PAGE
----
Everything went swimmingly until the spring of 2007. In April the Housing Authority for the County of San Mateo (HACSM) asked the trustee for a statement of trust distributions for the last six months. With the information he provided, HACSM sent a “Notice of Change to Lease” to Ms. G. in June informing her of a reduction of her housing assistance subsidy. Her original Total Tenant Payment (TTP) was only $210 per month, and HACSM now more than doubled her obligation to $564 per month. Ms. G. and I promptly filed an appeal, and I went to work trying to figure out why the County had to be wrong.
It turned out after hours of work and exchanges of exhibits, briefs, a hearing, transcript and decision, the key to success was an odd duck indeed: randomness. Under HUD regulations and County guidelines countable “income” does not include “temporary, nonrecurring or sporadic income (including gifts).”(11) I, of course, made the following argument:
The County was not permitted to count any of the distributions from the SNT as income for purposes of her housing assistance because all such distributions were inherently temporary, nonrecurring, and sporadic. The SNT was a discretionary trust in which the trustee has complete discretion to make, or not to make, distributions. Ms. G. had no reasonable expectation of receiving distributions in any amount or at any time, and certainly no expectation that they would be repeated every month.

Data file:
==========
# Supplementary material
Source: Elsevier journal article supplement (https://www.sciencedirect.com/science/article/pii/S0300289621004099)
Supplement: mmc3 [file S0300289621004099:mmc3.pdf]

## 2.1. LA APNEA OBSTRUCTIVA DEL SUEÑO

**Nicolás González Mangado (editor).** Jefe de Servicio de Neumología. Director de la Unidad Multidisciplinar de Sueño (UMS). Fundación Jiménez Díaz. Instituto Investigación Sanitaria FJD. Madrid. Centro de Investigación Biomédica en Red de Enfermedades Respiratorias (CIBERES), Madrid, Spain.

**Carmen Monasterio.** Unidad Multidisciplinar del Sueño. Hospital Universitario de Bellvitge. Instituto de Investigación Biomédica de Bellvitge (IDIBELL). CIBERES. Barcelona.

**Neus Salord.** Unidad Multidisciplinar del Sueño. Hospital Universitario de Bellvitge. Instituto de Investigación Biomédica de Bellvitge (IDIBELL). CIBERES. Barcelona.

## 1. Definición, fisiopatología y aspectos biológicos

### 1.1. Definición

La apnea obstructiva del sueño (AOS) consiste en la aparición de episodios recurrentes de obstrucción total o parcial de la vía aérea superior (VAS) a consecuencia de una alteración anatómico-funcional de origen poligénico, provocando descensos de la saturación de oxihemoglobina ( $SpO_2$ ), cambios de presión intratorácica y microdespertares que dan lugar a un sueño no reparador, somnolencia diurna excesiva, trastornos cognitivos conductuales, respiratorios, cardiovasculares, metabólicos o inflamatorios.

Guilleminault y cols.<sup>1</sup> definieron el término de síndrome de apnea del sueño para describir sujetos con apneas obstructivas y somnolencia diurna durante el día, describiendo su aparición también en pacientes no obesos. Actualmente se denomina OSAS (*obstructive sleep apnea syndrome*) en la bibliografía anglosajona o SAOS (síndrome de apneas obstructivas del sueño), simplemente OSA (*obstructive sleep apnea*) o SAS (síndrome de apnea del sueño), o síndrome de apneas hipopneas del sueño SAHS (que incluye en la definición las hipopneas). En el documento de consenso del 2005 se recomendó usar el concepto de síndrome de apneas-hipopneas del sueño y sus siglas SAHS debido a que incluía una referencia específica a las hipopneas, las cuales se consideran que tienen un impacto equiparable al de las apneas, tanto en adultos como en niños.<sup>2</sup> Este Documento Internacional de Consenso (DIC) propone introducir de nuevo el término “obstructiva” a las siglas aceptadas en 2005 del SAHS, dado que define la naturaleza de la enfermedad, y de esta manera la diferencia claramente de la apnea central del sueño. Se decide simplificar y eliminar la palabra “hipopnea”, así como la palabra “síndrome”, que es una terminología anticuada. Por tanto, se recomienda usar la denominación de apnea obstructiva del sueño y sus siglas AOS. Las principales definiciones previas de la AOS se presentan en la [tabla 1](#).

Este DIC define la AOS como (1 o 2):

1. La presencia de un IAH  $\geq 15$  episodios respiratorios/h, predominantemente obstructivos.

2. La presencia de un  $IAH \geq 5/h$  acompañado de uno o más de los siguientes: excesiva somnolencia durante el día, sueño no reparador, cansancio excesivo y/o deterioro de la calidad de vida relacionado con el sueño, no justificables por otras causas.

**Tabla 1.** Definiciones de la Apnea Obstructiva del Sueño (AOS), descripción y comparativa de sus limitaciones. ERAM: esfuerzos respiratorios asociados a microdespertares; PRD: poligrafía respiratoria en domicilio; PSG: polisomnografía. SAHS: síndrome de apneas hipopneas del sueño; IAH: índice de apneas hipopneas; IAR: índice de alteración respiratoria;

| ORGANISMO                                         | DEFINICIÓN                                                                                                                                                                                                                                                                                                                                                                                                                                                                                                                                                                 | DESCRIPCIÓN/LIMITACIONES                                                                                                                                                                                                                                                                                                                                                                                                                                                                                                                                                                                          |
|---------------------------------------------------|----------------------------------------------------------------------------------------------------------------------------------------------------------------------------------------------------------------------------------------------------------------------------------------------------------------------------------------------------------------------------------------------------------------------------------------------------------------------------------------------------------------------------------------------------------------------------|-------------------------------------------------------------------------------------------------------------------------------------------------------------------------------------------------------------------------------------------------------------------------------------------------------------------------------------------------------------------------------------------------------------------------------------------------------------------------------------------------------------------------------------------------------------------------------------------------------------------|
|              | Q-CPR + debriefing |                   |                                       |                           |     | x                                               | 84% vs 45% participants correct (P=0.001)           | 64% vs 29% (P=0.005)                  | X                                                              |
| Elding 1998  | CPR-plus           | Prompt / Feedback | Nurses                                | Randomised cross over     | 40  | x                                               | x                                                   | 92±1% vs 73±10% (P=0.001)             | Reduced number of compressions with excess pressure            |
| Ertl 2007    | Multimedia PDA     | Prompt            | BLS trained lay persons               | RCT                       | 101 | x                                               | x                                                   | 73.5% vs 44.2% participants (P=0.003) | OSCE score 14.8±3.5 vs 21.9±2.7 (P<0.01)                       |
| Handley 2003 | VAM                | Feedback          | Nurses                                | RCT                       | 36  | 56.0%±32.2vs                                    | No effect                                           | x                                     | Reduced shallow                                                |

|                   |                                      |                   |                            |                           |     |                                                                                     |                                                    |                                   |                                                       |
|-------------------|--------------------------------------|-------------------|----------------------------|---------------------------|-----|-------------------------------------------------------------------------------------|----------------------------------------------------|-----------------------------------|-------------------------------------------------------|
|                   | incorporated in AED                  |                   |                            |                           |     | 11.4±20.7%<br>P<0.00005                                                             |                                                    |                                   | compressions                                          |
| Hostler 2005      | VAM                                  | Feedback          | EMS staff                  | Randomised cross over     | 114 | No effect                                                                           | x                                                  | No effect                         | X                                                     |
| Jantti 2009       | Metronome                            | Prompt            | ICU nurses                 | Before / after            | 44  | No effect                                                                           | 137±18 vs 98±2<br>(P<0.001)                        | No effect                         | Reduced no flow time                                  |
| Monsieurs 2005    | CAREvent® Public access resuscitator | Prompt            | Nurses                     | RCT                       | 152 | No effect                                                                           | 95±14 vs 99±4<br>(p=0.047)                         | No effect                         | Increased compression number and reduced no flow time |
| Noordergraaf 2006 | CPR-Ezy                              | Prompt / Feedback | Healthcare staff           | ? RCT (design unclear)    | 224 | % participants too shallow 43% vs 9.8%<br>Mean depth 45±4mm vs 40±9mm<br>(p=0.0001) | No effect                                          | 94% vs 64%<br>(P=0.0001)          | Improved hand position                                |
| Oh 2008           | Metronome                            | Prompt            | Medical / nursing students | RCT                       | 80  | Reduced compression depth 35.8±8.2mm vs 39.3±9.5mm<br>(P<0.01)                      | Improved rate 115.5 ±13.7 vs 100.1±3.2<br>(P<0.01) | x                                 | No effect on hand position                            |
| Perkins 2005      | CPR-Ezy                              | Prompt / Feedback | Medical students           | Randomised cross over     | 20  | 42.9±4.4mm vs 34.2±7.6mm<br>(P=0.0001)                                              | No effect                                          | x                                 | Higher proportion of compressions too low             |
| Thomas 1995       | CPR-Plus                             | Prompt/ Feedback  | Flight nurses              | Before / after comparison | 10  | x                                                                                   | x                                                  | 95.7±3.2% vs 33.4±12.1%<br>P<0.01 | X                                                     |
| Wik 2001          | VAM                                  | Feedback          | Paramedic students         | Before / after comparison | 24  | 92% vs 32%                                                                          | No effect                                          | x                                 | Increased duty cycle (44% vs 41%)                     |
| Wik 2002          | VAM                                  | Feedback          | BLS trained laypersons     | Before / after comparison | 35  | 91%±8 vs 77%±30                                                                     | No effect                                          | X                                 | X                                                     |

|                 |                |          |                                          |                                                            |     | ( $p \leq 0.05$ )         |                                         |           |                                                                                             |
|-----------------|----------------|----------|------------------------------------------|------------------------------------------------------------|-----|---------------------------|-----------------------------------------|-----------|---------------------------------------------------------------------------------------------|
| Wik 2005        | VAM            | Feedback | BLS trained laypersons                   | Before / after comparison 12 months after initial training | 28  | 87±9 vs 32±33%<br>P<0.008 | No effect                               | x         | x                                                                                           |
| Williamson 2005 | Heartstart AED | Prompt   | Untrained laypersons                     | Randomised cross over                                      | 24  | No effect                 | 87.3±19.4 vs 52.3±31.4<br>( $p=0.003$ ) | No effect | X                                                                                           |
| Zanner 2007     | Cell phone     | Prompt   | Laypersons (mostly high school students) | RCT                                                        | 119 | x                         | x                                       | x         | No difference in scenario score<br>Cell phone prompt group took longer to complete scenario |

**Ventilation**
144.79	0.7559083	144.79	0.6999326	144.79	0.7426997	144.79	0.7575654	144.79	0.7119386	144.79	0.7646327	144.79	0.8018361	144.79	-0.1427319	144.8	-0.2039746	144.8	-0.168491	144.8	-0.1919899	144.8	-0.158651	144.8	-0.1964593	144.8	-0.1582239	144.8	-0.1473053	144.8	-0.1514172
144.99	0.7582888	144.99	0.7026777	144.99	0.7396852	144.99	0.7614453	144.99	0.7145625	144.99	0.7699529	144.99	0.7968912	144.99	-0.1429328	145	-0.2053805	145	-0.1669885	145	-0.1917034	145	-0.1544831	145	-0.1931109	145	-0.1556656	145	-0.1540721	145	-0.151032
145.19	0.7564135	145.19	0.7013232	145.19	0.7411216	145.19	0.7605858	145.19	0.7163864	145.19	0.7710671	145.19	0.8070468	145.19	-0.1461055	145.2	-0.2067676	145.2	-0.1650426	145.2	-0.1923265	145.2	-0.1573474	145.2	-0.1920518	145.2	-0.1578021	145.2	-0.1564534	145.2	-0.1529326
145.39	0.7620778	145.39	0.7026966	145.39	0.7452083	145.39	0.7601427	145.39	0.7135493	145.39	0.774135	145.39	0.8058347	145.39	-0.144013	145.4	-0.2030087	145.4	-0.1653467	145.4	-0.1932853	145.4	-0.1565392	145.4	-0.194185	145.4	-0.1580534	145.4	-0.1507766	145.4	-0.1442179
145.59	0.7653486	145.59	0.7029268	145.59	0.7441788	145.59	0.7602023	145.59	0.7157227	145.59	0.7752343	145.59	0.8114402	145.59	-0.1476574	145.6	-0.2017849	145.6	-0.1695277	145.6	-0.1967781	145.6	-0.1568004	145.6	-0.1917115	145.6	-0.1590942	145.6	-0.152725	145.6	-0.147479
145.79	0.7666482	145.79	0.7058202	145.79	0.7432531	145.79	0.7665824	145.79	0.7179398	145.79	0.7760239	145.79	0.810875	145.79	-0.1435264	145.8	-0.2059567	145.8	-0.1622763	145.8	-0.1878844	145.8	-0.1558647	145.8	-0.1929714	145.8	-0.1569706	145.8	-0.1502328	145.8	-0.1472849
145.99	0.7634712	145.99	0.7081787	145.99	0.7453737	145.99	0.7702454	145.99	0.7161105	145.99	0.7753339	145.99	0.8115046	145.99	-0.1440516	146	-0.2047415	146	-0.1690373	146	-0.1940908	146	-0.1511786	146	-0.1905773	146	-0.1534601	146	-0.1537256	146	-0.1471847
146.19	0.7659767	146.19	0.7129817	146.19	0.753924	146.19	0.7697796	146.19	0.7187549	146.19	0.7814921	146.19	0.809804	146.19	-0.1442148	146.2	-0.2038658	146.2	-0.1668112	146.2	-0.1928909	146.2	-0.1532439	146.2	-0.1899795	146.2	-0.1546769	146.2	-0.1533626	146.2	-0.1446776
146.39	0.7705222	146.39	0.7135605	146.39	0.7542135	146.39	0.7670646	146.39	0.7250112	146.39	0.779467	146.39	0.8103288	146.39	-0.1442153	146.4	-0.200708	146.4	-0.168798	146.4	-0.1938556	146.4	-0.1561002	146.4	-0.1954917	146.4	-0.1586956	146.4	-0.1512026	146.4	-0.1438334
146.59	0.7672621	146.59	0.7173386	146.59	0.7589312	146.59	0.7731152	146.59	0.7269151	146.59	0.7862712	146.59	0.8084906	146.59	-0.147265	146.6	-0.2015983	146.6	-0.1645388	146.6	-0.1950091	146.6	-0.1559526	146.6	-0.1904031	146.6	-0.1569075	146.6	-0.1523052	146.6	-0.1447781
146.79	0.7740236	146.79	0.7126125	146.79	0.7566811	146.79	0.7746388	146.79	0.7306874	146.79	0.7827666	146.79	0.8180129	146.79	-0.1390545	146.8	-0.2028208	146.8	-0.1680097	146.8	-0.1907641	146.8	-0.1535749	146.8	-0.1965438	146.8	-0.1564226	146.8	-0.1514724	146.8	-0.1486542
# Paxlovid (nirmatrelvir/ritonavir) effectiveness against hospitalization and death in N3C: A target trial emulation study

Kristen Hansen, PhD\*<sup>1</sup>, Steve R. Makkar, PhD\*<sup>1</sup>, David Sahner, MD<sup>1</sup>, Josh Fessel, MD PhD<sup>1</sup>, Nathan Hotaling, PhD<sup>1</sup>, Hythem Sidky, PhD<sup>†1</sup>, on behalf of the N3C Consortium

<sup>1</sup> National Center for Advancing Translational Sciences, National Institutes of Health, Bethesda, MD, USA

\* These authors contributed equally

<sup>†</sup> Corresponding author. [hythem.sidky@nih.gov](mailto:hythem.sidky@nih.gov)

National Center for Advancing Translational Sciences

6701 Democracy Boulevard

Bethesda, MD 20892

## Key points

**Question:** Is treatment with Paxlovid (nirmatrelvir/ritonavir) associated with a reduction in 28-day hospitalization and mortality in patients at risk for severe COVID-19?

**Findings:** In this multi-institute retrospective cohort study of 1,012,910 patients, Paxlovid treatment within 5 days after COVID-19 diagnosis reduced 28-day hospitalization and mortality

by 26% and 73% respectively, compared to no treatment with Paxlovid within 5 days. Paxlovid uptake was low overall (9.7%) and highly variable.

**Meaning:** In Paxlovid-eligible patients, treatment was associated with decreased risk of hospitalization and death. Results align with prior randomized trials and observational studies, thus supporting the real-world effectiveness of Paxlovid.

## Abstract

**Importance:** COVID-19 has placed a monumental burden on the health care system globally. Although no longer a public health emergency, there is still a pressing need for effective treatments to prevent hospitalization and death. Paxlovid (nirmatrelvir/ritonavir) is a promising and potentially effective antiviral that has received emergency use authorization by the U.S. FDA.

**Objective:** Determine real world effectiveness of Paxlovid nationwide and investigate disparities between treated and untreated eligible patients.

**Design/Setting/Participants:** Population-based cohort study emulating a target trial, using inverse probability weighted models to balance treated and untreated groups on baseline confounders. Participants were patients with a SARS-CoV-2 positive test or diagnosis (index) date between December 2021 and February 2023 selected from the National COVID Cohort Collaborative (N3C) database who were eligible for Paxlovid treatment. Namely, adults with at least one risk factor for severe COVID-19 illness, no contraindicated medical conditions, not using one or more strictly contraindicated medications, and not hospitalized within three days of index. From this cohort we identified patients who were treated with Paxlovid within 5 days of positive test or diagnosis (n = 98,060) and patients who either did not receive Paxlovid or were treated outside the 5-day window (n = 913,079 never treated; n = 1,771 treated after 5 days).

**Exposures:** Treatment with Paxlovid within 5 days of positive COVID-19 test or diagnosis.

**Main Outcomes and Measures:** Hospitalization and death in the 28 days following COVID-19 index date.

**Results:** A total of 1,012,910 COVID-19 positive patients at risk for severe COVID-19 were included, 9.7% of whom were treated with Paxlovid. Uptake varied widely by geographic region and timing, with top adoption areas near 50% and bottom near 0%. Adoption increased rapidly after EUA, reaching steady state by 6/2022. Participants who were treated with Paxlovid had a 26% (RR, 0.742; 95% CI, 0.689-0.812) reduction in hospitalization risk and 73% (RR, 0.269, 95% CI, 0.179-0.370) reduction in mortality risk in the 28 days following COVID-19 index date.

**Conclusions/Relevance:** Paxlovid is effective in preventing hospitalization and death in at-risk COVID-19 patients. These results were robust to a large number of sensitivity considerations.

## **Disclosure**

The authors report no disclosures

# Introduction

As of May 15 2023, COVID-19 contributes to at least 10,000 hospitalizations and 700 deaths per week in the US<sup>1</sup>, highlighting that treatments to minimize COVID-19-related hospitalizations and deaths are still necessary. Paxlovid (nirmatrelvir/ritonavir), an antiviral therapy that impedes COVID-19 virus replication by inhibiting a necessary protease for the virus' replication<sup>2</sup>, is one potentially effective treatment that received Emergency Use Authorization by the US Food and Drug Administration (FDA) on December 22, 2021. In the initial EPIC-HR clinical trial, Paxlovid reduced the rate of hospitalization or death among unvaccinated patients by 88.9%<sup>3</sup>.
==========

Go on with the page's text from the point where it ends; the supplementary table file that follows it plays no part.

It didn’t work. But the decision did give Ms. G. and me more than I expected (my expectations were fairly low because the hearing officer was a supervisor in the same department that made the original reduction in subsidy). The decision found that at least “some of the disbursements are sporadic and nonrecurring” and should not be included in the calculation of Ms. G.’s income and subsidy. These included automobile repair and service, legal fees, fraternity dues, and education fees. However, it also found that “some of the disbursements do occur regularly”: auto fuel, cable TV, telephone, and DSL. The decision said that disbursements for medical expenses were protected by specific exemptions and should be treated “differently”: special clothing, dental costs, and medicines. Finally, there were a number of categories of trust distributions that the decision simply did not mention (e.g. entertainment, taxes, postage, and computer service). These were left to the tender mercies of the staff who had made the original adjustment to Ms. G.’s housing subsidy. In Ms. G.’s case we quickly noticed and celebrated the fact that most of the distributions that were found to be sporadic and therefore excludable were the big ones, and the resulting reduction of subsidy fairly slight. Accordingly, the decision could fairly be called a victory for Ms. G.